Prices at a Shell station on Jericho Turnpike in Jericho...

Prices at a Shell station on Jericho Turnpike in Jericho Wednesday. Credit: Howard Schnapp

The average price of a gallon of regular gas on Long Island on Wednesday was $5.003, the first time the price has topped $5 in the area, according to AAA.

The pain at the pump continues despite state and county fuel tax cuts that went into effect a week ago, and experts predict the price could well go higher still  — perhaps to $5.50 on the Island in July.

Record highs were also hit in the United States and in New York State overall Wednesday, with the average per-gallon price of regular gas reaching $4.955 and $4.988, respectively, according to AAA.

Blame the rising cost of crude oil, which is nearly twice as high as the price in August, and the increase in oil demand outpacing the tight supply, AAA said.

 

"The high prices we’re seeing seem to be having little to no effect on the driving habits of Americans," said Robert Sinclair Jr., spokesman in AAA's Garden City office.

The average per-gallon price of regular gas Wednesday on Long Island was 63% higher than it was a year ago, which was $3.072.

Brooklyn resident Donté Wilson, 26, on Wednesday fueled his Infiniti G37 at an Exxon gas station in Farmingdale, where the price of regular gas was $4.99 a gallon.

“I’m spending a lot, almost $200 a week on gas. … That is ridiculous,” he said.

Wilson is an independent contractor who drives his own car to deliver auto parts to stores on Long Island. He earns about $900 weekly, including a $25 stipend for gas, he said.

The rising costs are hitting his finances hard, but “I just started this job, so I’m grateful to even have a job,” he said.

Commack resident Frank Palmer, who is a salesman for a Farmingdale-based manufacturer and installer of windows and doors, was at the Exxon in Farmingdale on Wednesday fueling a Buick Envision SUV owned by his employer.

High gas costs have not affected how much he drives his own car for personal use but the rising costs have affected his company's operations, especially since diesel  powers the trucks that ship materials for the manufacturer, said Palmer, 59.

“A lot of that [extra cost] has been passed along to the customers,” he said.

The average per-gallon price of diesel on Long Island hit a record high of $6.652 May 20, according to AAA. The price Wednesday was $6.421, which is 96% higher than the price a year earlier.

Tax savings disappear

The state's and 24 counties’ fuel tax cuts went into effect June 1 to try to give drivers some relief at fuel pumps, but the total estimated savings — about 25 cents per gallon on Long Island — have not fully shown up in average gas prices.

The average per-gallon price of regular gas Wednesday on Long Island was about 4 cents more than the price a week earlier.

The state’s fuel "tax holiday," which ends in December, takes off 16 cents of the 33.35 cents of state fuel tax per gallon. There is an additional three-fourths of a cent of state sales tax suspension in the Metropolitan Commuter Transportation District, which covers New York City, Long Island and five other counties in the metro area.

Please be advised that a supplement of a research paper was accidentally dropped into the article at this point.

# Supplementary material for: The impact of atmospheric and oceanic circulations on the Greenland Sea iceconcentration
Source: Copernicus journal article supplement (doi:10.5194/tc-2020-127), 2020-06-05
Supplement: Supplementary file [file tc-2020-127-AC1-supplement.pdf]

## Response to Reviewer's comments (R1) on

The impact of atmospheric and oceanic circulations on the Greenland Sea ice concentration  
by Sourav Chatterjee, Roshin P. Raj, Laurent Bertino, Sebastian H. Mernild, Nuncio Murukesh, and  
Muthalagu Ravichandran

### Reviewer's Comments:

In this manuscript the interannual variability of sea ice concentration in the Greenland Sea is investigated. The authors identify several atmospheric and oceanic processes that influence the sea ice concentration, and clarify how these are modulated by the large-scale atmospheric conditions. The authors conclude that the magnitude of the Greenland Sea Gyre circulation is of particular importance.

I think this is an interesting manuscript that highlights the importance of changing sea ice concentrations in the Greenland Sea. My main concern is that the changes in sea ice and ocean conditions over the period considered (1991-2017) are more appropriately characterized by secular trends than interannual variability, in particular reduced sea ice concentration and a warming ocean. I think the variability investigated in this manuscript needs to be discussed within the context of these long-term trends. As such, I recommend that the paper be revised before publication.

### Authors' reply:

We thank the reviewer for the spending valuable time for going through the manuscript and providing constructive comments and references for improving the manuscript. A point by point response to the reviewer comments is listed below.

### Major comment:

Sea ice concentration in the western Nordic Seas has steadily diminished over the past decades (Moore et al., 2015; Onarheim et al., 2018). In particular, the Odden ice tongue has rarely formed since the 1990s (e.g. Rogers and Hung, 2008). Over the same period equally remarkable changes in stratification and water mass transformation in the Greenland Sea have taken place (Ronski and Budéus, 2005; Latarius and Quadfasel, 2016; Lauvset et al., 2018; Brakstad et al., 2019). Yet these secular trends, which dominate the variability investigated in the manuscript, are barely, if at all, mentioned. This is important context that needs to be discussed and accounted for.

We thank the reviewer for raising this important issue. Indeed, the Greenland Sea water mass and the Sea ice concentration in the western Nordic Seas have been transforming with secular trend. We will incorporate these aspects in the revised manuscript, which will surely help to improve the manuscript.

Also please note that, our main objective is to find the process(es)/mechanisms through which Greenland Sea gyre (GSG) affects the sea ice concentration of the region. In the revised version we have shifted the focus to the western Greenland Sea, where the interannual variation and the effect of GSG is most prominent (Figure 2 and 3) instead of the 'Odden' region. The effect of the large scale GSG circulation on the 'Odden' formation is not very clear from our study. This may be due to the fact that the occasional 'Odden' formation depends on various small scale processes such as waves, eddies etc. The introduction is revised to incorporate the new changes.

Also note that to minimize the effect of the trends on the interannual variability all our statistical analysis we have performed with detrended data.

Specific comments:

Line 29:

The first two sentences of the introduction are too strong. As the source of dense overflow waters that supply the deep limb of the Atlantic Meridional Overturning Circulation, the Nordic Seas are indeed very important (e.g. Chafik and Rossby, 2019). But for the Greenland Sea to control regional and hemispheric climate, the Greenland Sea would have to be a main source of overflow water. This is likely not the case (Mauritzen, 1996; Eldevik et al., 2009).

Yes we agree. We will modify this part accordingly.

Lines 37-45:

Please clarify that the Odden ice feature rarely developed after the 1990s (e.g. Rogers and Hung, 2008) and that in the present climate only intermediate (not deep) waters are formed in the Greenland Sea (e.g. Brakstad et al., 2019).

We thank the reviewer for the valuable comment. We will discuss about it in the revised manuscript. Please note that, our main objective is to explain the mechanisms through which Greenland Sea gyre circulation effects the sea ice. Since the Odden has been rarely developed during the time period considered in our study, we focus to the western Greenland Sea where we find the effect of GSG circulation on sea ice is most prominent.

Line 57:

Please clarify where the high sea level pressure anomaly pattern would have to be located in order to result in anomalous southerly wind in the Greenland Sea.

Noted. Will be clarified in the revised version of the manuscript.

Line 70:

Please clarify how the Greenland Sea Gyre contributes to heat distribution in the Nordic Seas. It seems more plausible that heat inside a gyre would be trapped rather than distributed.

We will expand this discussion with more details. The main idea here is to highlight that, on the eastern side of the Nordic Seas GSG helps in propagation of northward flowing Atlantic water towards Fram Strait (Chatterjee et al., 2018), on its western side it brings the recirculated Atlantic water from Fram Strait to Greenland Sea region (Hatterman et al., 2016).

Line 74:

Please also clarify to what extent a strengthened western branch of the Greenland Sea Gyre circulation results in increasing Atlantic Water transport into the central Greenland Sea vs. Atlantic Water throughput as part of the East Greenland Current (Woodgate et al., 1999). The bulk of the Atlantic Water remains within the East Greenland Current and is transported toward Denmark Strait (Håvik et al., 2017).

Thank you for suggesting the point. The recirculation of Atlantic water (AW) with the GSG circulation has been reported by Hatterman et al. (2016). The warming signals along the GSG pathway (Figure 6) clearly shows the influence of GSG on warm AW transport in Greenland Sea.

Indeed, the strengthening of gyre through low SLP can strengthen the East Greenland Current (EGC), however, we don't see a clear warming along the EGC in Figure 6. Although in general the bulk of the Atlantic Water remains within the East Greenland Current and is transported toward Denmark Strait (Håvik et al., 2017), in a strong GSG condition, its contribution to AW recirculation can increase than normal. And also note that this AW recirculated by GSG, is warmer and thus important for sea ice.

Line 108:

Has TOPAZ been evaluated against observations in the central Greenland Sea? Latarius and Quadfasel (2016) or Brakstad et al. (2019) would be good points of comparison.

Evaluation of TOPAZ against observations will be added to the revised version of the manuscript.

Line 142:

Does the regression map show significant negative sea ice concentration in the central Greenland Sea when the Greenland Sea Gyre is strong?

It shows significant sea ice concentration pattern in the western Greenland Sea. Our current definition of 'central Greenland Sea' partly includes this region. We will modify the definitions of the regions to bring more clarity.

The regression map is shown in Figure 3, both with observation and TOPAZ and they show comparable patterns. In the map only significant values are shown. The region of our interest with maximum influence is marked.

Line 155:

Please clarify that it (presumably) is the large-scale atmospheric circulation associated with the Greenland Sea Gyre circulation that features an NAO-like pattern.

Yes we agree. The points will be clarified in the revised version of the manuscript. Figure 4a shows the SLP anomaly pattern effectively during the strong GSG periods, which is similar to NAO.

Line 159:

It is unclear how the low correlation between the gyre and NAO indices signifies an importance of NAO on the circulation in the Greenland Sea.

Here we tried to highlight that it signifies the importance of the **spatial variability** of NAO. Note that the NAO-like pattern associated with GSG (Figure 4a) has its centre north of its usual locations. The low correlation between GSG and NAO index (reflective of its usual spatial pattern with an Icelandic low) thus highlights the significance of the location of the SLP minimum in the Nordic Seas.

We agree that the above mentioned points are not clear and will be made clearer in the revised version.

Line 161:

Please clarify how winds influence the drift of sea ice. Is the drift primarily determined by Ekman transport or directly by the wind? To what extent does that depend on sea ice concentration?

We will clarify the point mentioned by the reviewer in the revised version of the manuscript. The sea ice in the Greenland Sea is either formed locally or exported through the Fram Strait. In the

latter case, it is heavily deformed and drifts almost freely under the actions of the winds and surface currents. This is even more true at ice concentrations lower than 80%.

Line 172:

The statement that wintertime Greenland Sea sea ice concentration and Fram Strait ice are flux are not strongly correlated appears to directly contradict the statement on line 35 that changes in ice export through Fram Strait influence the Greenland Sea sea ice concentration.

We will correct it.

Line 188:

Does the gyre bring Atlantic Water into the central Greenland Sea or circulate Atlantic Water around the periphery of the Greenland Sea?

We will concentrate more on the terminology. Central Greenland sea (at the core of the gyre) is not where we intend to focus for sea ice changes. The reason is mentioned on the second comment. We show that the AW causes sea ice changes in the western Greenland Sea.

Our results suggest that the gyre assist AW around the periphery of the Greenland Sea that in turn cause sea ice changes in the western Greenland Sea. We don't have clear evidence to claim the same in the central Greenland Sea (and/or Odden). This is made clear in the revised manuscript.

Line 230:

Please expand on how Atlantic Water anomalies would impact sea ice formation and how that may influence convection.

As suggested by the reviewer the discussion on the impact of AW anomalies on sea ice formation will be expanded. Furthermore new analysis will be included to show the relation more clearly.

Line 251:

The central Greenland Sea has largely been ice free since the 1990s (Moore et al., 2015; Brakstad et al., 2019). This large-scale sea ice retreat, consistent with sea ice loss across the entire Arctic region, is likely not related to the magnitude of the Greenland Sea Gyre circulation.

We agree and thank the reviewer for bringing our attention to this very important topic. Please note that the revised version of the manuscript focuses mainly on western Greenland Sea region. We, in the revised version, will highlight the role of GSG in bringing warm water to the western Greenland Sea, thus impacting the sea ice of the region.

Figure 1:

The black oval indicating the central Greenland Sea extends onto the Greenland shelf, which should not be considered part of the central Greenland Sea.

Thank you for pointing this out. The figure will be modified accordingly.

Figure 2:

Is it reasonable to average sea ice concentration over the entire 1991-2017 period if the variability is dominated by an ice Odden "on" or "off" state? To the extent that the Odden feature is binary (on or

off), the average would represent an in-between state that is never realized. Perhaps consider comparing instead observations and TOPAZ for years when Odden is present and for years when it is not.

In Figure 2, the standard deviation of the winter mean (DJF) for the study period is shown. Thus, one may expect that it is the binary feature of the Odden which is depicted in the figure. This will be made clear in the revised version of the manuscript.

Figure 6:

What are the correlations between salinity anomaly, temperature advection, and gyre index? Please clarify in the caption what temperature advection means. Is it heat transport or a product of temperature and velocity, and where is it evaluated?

Nassau and Suffolk counties enacted partial tax caps, with the 4.25% county sales tax rate being applied to the first $3 per gallon of gas, while the remaining amount is not taxed.

Nassau County estimated that the county tax cut would save the average consumer about 9 cents per gallon, based on a gallon of regular gas being priced at about $5. 

Nassau County’s tax cap will expire Dec. 31, while Suffolk County’s will expire Dec. 1.

How much higher?

It's hard to say where gas costs could go this summer because price movements in crude oil are hard to predict, fuel experts said.

“I’m afraid my answer is ‘anything goes.’ I see most of the increase taking place in July, where $5.50 might happen in Long Island and perhaps $5.25 [per gallon] nationally.,” said Tom Kloza, global head of energy analysis at the Oil Price Information Service in Rockville, Maryland.

The European Union's announcement of a ban on Russian crude imports, and the start of the summer driving season, could add another 10 cents to 20 cents per gallon, said Chris Lafakis, director of energy and climate economics at Moody’s Analytics in West Chester, Pennsylvania.

“Beyond that, it’s hard to tell,” he said.

Exacerbated price woes

Gas prices have been rising for more than a year as consumers’ demand for gas has been increasing as they return to driving for work and leisure during the COVID-19 pandemic, but crude oil output has not returned to the levels that existed before the pandemic hit the United States in early 2020.

Crude is refined to produce gasoline, diesel, jet fuel, heating oil and other petroleum products.

The price increases were exacerbated this year after Russia’s Feb. 24 invasion of Ukraine.

Russia was the third-largest producer of oil and other petroleum liquids in the world in 2021, according to the U.S. Energy Information Administration. 

The country produced 10.78 million barrels a day last year, and that accounted for 11% of the world's total, according to the agency.

But some countries and refineries stopped buying Russian oil because of the invasion. 

The EU announcing last week that it would phase out Russian oil imports is sending prices higher, fuel experts said.

“Oil was about $95 [per barrel] before that [EU ban] started to get priced in; we’re at $122 now. That’s a $27 increase, which raises the gas price by 65 cents per gallon,” Lafakis said.

Another factor in the rising prices is that gas stations in New York and other states are required to switch from winter blends to special summer blends of fuel, which have lower vapor pressure to reduce smog production, but they are more expensive because they are harder to refine, Lafakis said.

“That adds an extra 20-30 cents per gallon,” he said.

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